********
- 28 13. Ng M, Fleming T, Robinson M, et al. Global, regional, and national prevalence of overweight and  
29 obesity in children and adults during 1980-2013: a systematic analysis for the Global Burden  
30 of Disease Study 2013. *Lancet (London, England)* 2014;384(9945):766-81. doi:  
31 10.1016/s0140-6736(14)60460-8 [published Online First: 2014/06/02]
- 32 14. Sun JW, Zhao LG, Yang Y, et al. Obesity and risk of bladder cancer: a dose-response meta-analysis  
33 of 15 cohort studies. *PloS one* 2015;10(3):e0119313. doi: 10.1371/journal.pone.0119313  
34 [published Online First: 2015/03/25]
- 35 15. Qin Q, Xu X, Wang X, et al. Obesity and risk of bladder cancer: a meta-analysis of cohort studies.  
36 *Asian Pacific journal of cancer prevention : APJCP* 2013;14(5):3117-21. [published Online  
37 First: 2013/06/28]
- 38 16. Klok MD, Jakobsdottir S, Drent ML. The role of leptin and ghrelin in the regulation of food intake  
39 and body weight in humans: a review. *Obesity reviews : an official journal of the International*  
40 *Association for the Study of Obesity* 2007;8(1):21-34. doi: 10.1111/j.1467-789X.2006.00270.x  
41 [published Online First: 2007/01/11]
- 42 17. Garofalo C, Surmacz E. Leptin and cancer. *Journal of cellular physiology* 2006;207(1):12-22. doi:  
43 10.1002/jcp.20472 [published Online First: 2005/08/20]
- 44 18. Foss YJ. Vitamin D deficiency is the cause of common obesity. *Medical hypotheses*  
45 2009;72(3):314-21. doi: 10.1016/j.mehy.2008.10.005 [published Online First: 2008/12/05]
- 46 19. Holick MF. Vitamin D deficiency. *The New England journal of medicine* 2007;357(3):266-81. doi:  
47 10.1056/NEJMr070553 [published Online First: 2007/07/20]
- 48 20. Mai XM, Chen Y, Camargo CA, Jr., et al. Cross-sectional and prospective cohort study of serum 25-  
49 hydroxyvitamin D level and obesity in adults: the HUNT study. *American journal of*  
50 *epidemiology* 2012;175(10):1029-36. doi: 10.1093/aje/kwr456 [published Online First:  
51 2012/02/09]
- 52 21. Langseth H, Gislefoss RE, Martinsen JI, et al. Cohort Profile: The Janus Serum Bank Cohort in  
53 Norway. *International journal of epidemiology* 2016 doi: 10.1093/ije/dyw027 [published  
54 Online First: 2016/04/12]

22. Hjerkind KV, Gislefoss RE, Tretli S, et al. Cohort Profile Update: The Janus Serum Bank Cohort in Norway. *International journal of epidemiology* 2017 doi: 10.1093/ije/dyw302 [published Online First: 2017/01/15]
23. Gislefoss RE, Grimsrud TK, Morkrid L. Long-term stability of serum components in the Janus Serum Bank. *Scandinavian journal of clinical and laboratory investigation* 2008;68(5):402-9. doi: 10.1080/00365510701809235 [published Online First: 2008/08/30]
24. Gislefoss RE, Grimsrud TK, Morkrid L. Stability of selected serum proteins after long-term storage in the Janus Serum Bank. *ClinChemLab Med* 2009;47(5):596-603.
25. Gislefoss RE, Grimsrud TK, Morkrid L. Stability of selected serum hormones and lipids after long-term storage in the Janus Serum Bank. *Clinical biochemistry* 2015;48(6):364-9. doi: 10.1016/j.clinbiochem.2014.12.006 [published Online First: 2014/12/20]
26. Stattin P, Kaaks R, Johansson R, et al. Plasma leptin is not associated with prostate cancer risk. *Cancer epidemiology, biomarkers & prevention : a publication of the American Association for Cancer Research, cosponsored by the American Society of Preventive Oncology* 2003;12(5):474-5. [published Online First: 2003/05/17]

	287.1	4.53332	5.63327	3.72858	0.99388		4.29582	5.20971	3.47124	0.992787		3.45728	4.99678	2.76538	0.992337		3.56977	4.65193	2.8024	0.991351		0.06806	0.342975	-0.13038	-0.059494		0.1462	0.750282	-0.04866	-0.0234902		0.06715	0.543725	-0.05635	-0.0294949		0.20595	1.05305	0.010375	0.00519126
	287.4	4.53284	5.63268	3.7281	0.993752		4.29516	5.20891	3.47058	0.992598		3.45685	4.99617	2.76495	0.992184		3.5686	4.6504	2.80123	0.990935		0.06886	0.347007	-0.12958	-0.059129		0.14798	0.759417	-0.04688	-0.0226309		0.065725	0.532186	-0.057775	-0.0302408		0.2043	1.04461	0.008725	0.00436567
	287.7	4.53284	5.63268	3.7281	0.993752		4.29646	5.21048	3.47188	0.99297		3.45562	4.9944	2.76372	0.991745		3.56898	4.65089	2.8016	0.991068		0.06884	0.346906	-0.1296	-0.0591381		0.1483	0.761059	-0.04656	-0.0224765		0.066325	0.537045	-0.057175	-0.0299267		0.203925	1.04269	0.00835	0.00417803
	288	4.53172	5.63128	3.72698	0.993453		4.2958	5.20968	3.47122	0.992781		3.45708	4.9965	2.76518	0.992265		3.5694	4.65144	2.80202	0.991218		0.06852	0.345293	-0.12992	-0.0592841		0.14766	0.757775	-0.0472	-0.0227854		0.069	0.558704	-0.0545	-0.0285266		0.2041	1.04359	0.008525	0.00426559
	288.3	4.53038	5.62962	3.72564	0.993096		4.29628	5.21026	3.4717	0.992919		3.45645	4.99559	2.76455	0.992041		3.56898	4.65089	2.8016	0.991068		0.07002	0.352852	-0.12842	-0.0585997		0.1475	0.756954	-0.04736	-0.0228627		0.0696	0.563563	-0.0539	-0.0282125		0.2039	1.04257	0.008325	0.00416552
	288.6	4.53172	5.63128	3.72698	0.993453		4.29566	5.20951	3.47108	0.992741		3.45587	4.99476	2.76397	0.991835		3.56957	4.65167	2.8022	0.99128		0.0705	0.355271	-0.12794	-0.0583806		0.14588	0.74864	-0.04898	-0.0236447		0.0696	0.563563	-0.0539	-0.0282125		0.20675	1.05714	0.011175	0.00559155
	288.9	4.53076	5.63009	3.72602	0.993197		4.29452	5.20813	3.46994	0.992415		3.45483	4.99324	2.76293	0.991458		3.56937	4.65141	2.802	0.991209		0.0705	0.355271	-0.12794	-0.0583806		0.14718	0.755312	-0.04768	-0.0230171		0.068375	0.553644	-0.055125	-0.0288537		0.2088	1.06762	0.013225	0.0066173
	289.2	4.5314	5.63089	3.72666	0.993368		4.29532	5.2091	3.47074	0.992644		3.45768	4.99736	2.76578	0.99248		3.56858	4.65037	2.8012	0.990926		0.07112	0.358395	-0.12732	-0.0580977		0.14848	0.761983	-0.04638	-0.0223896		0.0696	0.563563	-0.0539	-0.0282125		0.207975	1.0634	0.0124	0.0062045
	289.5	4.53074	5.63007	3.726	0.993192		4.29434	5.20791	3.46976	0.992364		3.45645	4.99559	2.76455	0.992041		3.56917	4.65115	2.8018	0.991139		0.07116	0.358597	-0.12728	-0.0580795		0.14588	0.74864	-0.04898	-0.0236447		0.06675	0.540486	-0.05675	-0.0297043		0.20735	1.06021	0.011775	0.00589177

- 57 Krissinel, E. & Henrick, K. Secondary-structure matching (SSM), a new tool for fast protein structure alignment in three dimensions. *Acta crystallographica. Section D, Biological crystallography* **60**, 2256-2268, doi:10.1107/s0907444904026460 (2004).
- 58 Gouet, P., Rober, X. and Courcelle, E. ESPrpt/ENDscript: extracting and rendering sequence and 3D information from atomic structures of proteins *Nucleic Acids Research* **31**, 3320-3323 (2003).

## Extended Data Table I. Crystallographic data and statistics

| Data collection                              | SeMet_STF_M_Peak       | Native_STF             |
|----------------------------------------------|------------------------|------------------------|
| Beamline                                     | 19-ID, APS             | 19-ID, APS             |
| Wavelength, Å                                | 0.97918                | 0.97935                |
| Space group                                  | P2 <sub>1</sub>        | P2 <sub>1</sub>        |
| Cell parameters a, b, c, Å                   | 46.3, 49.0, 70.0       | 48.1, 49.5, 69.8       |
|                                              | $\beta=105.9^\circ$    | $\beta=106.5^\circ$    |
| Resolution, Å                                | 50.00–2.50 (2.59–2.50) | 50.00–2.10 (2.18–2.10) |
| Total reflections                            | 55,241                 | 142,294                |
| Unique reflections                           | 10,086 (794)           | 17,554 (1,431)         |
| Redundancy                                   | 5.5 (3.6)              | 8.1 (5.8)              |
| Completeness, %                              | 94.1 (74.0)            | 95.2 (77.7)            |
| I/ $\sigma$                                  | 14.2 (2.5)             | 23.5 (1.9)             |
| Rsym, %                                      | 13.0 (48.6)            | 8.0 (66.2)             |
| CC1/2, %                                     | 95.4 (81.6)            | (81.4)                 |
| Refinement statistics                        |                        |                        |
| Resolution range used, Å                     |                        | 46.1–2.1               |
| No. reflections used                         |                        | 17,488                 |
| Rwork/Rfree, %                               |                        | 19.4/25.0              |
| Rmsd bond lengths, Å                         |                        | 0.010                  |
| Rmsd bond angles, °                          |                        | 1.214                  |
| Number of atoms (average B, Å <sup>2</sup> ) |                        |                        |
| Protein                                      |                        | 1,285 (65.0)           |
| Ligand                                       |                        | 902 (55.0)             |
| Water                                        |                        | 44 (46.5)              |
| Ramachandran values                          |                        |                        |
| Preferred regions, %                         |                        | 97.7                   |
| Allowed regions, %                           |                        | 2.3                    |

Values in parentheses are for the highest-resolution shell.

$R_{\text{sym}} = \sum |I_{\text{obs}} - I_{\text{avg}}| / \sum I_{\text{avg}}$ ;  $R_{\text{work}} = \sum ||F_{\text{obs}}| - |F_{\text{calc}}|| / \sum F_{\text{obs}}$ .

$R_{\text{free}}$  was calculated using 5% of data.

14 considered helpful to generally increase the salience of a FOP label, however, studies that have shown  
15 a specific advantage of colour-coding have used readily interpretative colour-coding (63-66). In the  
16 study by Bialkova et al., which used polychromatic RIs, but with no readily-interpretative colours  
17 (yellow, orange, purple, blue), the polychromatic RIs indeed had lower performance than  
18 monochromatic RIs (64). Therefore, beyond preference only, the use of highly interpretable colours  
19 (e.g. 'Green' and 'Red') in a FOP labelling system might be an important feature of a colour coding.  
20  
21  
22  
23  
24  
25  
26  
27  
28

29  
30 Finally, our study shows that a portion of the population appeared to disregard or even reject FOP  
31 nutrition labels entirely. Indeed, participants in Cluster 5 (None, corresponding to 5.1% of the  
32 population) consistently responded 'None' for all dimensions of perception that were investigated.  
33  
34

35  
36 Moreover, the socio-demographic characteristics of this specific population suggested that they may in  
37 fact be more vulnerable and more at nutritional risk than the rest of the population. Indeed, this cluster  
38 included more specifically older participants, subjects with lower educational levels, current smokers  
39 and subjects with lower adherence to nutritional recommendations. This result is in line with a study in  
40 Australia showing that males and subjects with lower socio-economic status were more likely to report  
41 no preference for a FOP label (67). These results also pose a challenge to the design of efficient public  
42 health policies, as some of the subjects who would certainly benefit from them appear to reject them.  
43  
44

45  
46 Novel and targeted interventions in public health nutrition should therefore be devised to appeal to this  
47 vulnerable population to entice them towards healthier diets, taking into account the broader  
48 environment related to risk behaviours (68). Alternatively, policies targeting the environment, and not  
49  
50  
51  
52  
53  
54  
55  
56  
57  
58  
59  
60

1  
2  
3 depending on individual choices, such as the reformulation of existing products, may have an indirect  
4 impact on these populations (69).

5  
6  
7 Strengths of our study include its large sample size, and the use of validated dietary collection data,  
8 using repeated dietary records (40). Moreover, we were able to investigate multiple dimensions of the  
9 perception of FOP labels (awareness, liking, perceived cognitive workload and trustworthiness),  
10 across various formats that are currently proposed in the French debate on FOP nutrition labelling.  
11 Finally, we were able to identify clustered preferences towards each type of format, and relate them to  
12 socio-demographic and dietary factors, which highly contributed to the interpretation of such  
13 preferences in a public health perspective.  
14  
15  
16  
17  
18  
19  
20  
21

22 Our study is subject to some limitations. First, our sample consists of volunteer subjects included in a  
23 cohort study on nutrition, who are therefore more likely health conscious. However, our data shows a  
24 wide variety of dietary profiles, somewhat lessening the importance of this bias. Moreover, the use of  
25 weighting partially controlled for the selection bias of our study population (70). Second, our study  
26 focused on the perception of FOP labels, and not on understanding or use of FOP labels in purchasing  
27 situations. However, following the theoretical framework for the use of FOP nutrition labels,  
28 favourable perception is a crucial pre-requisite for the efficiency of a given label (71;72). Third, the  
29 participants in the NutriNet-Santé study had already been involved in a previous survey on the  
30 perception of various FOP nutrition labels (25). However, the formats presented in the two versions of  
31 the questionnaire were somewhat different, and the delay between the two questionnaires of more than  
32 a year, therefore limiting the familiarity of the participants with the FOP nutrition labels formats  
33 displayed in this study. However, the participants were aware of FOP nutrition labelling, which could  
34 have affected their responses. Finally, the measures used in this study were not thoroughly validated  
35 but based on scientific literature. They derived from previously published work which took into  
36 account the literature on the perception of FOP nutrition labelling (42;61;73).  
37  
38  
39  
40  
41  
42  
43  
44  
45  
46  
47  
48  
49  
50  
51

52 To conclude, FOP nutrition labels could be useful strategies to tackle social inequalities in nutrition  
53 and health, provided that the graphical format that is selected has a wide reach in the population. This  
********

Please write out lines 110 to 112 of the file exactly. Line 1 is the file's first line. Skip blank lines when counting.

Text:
48 environment related to risk behaviours (68). Alternatively, policies targeting the environment, and not  
49  
50  